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Tackling the Nonprofit Conundrum

The nonprofit sector employs more than 10% of America’s private workforce1, contributes around $985 billion to the economy, and produces myriad benefits that reach into every community and most homes.It’s a powerful, socially-focused engine focused on doing-good. Maybe nonprofits haven’t conquered all the problems or brought equal life quality to everyone, but they’re filled with millions of hard-working people who are out there trying.
Given the oversized burden nonprofits carry, the financial data is scary. Ninety-seven percent have annual budgets of less than $5 million, 92 percent less than $1 million, and 88 percent less than $500,000. Twenty percent have budgets of $100 thousand or less and many are run by volunteers. Around 50 percent have less than one month of cash reserves to draw on if the bottom falls out.3
The strain of inadequate, insecure funding is exhausting and often sends nonprofits tilting at every windmill that might throw out a grant dollar. And with low pay, long hours, and demanding work, nonprofits can easily turn into socially motivated sweatshops. There’s no easy way out of this. But just as a civil society is obligated to try to face down its dragons, nonprofits are obligated to try to face up to their conundrum. An America without nonprofits would be dystopian. They’re that important. 

Every organization has its own pressure points and problems. Having worked in nonprofits and trained thousands of staff members, I understand. But there are some commonalities throughout the sector and for those just starting to unravel this situation, I’d like to offer a few considerations. 

  • Claim the power that comes from your impact. This means embracing evaluation and using data as a tool to leverage increased, sustained financial support. This may mean prioritizing smart data over other compelling needs.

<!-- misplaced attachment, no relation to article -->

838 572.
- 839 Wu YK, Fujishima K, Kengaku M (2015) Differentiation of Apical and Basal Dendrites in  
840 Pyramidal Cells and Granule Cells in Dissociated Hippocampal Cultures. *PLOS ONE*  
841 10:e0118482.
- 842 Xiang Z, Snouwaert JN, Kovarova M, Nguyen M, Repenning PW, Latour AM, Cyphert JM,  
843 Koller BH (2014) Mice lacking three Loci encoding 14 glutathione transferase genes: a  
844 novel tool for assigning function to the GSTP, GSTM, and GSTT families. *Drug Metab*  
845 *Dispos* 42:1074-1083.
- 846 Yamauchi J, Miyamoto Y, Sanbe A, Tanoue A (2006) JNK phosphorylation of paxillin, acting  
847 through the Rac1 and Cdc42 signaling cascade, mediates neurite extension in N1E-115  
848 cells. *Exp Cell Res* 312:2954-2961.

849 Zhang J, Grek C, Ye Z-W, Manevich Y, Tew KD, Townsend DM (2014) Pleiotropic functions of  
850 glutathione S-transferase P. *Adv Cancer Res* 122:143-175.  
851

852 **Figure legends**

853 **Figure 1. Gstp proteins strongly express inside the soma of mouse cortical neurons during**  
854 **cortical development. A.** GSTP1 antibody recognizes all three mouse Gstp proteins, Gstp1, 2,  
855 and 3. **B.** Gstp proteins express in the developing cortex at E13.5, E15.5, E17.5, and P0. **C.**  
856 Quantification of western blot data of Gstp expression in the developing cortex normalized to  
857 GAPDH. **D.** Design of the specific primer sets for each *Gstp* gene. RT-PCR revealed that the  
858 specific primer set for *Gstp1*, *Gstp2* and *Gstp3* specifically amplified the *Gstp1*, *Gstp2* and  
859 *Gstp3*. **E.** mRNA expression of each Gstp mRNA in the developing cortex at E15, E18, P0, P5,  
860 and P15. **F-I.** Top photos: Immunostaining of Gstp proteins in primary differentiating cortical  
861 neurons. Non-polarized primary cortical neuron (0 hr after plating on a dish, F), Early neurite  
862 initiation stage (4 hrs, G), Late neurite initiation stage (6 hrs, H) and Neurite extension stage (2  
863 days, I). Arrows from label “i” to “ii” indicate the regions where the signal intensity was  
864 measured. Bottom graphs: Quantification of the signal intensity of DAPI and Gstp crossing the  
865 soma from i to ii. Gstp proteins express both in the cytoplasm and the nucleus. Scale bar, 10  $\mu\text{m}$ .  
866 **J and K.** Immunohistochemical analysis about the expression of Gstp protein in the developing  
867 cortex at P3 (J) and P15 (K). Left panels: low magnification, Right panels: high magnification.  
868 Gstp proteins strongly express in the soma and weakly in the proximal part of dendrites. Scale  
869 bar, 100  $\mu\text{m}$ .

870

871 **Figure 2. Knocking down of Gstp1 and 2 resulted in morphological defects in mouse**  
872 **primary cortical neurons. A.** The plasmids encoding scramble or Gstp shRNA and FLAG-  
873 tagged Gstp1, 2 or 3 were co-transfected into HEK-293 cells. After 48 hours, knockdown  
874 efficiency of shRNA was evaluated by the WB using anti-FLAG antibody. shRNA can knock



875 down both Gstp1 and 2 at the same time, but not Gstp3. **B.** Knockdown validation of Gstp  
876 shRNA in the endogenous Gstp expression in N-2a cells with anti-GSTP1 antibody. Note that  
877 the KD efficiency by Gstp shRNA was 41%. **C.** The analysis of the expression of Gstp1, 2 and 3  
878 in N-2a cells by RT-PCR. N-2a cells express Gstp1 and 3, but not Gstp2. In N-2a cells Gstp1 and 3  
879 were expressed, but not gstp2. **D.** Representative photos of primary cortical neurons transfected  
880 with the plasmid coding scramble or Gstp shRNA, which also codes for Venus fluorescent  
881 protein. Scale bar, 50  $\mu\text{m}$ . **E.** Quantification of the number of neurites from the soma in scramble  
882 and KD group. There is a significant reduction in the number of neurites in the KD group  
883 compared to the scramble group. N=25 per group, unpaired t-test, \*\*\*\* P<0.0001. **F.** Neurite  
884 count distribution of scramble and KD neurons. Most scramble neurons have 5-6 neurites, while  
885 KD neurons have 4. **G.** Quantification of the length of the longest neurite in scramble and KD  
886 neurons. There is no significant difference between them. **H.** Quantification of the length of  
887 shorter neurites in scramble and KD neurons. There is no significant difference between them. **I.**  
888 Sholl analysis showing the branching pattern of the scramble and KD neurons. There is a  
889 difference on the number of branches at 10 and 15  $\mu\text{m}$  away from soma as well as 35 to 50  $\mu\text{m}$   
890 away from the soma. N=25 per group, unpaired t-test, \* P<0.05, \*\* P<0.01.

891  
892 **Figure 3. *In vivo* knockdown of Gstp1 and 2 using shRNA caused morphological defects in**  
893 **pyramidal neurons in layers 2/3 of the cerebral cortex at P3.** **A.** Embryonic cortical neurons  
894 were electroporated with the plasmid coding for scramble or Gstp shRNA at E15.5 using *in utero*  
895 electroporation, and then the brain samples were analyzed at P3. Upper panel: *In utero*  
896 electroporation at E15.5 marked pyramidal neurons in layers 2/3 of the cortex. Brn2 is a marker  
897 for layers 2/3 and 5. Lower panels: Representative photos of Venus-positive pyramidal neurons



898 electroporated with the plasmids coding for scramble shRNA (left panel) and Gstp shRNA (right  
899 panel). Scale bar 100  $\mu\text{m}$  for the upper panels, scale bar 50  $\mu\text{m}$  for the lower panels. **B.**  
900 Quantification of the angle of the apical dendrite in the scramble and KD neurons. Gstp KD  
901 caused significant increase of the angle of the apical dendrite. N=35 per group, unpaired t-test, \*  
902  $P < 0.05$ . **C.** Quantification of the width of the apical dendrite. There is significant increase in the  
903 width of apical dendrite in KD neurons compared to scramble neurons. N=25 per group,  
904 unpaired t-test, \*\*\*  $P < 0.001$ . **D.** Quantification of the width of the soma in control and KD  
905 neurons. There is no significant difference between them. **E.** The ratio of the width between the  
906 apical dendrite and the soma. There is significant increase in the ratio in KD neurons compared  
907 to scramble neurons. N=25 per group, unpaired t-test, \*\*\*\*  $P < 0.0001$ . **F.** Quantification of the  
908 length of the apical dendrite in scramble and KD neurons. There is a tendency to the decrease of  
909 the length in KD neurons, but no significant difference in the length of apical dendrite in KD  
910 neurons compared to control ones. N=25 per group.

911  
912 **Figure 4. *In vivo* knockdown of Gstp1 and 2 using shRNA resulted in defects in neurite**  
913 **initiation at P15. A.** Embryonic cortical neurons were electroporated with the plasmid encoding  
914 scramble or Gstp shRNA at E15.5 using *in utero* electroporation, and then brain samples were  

• Claim the power that comes from genuine connections with those you serve. As the community’s front-line muscle on issues ranging from homelessness and childcare to arts and culture, your influence and impact are real. Use it. Show up at the important tables with a loud, well-reasoned voice.
  • Establish mutually respectful partnerships with funders who share your concerns. Your power rests in the knowledge, passion, and focus you bring to your mission. In the words of the late Norton Kiritz, founder of The Grantsmanship Center, “You’re applicants, not supplicants. Don’t beg.” Beggars see a chance to bring in some cash, think up a project, and chase the money. Applicants see issues that need tackling, make a plan, and build partnerships with funders. 
  • Take care of your own. Make a livable wage a priority. Support professional development. Provide adequate time off for staff to recharge and come back swinging. Maybe you’ll have to cut back on the service you provide but the long-term payoff will be a greater benefit to the community. 

You’re social activists and fighters, the moral engine of our society. Be lean but strong, loud but well-reasoned, tough-skinned but caring, fair and smart. And in the words of Winston Churchill, “Never, never, never give up.” 

Source Information:

1 National Council on Nonprofits, Nonprofit Impact Matters, 2019 

2 Urban Institute, The Nonprofit Sector Brief 2018, Brice McKeever

3 For data above see page 17  

This blog is an original work of the attributed author and is shared with permission via Foundant Technologies' website for informative purposes only as part of our educational content in the philanthropic sector. The views, thoughts, and opinions expressed in this text belong solely to the author and do not necessarily reflect Foundant's stance on this topic. If you have questions or comments, please reach out to our team.

About the Author

Barbara Floersch has over 40 years' experience managing nonprofits, writing grant proposals, and administering grants. She has raised millions of dollars in grant funding, served as a reviewer for federal grant competitions, trained thousands of nonprofit staff members throughout the US and internationally, and has testified before Congress on reauthorization of the National Endowment for the Arts. Floersch was a trainer for the Grantsmanship Center from 2000 to 2021 and served as the Center's Chief of Training and Curriculum for 12 years until her retirement in January of 2021. She has published hundreds of articles, has been a regular contributor to the NonProfit Times, and is the author of Grantsmanship: Program Planning & Proposal Writing, the updated, expanded edition of Norton Kiritz's seminal work in the field.

Profile Photo of Barbara Floersch